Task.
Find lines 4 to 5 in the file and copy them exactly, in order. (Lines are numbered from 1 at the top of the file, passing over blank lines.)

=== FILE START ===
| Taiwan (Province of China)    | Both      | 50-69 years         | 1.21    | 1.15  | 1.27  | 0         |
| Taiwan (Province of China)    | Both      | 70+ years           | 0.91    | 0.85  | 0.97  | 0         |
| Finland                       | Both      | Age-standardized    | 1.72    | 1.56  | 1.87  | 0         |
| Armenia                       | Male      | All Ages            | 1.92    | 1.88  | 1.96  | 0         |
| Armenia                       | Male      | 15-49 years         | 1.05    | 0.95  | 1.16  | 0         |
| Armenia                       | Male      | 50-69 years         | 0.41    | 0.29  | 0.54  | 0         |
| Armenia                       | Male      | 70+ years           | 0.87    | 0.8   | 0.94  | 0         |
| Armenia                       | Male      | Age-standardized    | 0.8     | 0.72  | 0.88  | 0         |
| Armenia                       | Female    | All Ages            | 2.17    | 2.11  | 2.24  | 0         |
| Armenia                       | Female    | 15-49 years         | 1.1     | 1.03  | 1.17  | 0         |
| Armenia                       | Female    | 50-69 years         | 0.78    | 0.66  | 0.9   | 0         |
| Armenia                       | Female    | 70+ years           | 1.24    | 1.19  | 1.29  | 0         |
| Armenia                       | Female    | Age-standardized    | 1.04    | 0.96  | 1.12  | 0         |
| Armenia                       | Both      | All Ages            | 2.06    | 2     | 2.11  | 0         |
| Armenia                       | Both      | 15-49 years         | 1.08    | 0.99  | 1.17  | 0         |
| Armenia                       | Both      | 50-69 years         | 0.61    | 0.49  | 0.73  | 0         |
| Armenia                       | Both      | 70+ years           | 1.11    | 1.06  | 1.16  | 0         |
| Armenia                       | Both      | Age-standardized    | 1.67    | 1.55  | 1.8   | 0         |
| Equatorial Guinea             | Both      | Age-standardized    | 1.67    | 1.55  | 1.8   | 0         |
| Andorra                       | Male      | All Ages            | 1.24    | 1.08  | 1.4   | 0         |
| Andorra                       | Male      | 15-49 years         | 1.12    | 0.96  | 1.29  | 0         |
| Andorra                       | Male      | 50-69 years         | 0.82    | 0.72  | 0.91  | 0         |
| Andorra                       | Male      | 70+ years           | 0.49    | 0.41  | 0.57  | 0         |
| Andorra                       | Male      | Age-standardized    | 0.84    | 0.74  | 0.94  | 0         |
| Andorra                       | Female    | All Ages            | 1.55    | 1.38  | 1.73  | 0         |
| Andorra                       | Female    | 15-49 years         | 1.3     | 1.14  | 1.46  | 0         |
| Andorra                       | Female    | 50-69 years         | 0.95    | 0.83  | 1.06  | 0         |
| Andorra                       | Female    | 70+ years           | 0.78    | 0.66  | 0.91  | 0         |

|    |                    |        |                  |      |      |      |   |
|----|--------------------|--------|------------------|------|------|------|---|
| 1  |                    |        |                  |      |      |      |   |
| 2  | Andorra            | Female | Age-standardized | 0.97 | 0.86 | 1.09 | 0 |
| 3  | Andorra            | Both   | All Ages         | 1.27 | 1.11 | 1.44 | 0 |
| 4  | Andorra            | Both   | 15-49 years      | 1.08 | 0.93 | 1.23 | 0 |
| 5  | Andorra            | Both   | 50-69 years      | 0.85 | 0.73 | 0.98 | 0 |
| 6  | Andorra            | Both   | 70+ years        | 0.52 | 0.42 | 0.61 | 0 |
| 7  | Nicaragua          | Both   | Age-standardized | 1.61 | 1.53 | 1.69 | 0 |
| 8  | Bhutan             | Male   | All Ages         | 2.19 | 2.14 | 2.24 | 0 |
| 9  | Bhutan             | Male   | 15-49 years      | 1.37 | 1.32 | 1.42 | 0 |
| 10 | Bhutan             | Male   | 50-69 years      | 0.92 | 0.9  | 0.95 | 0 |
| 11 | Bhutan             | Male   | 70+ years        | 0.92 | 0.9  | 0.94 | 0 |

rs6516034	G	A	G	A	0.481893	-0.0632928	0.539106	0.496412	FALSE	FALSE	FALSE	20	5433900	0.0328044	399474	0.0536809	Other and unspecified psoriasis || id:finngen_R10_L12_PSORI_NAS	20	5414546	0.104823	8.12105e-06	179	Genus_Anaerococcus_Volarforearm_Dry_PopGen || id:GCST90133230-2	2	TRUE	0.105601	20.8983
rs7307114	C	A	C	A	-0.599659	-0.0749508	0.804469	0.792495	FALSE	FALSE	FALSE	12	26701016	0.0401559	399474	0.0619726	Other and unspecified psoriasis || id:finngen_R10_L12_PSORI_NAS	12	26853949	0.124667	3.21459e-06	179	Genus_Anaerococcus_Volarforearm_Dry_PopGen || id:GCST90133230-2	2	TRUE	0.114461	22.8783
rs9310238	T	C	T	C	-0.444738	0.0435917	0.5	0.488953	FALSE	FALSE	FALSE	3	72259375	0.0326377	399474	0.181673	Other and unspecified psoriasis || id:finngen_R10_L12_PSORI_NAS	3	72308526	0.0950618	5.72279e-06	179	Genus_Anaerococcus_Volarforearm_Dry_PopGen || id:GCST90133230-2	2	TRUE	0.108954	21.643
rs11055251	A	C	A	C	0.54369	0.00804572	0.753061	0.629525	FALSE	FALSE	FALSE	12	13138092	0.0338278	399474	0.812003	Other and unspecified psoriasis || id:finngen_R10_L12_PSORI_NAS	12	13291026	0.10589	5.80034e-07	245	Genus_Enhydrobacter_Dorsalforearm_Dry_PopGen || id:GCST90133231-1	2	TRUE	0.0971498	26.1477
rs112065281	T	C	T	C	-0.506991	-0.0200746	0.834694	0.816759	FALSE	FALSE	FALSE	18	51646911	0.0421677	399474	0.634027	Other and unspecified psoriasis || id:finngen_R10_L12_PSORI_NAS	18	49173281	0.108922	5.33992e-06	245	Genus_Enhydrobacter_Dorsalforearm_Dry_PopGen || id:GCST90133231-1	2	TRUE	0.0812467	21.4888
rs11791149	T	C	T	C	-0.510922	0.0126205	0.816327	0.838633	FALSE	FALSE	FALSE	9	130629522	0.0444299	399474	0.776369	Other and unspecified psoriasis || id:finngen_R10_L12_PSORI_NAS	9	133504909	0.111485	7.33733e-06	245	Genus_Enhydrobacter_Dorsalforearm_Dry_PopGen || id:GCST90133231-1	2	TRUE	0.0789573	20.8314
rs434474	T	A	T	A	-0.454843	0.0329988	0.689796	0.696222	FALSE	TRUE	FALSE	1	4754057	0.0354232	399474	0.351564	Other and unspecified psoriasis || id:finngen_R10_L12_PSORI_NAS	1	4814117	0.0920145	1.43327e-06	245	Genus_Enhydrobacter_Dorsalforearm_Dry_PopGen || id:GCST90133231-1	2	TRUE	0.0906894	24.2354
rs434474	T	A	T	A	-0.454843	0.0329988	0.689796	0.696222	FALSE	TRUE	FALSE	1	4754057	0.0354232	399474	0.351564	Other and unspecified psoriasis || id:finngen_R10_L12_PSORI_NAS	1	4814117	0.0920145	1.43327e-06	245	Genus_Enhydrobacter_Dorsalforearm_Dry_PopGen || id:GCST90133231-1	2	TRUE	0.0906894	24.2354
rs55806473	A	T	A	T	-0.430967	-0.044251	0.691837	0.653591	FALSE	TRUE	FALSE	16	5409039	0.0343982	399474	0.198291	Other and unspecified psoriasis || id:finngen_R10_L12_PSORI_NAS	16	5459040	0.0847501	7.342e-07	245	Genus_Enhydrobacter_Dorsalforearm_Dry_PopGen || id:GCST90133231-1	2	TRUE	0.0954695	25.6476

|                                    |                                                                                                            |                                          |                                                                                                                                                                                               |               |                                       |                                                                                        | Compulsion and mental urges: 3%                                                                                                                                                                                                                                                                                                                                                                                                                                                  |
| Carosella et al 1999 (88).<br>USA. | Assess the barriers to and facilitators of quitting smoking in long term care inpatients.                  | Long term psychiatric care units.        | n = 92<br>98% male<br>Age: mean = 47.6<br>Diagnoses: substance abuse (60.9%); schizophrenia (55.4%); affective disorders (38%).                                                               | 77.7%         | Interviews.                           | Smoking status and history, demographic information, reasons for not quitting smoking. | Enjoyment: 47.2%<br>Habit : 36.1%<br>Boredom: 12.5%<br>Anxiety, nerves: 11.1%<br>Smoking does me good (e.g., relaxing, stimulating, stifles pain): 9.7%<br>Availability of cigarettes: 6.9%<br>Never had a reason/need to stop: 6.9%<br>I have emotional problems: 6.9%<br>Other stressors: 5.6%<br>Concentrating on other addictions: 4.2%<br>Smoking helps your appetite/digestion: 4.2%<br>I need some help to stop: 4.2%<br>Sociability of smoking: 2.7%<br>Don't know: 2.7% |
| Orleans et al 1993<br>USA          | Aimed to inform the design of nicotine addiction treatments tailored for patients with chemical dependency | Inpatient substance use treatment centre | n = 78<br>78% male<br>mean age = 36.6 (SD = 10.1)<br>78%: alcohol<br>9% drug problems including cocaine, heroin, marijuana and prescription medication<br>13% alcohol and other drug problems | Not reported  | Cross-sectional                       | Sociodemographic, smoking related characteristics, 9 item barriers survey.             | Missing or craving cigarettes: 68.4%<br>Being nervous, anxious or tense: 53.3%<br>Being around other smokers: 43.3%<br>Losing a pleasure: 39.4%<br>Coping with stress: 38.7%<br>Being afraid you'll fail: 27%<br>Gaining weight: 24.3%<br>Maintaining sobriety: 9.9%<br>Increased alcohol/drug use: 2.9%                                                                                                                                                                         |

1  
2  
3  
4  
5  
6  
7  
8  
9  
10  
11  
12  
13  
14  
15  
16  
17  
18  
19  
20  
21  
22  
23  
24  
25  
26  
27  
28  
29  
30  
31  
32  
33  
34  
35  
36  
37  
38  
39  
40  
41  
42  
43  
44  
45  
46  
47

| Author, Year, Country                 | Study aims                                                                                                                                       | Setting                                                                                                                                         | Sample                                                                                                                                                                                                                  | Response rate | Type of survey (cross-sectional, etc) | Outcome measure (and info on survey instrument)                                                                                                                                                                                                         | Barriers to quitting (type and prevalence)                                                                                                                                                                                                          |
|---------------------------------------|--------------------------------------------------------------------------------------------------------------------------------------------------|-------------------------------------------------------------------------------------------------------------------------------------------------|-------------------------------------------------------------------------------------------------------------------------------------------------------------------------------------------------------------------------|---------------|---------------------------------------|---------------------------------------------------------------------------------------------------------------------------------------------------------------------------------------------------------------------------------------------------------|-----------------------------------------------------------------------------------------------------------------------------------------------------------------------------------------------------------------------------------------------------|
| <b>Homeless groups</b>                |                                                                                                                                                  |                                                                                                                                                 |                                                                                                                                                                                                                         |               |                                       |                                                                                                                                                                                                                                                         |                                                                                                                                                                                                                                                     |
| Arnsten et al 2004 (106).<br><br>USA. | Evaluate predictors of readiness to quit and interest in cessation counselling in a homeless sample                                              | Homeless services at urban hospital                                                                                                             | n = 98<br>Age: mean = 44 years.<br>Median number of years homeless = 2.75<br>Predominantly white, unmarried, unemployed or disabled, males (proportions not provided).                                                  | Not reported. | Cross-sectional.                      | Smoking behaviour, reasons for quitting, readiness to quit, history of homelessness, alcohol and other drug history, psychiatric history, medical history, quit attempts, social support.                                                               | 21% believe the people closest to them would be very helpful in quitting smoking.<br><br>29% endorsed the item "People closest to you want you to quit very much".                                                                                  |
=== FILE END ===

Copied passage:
| Armenia                       | Male      | All Ages            | 1.92    | 1.88  | 1.96  | 0         |
| Armenia                       | Male      | 15-49 years         | 1.05    | 0.95  | 1.16  | 0         |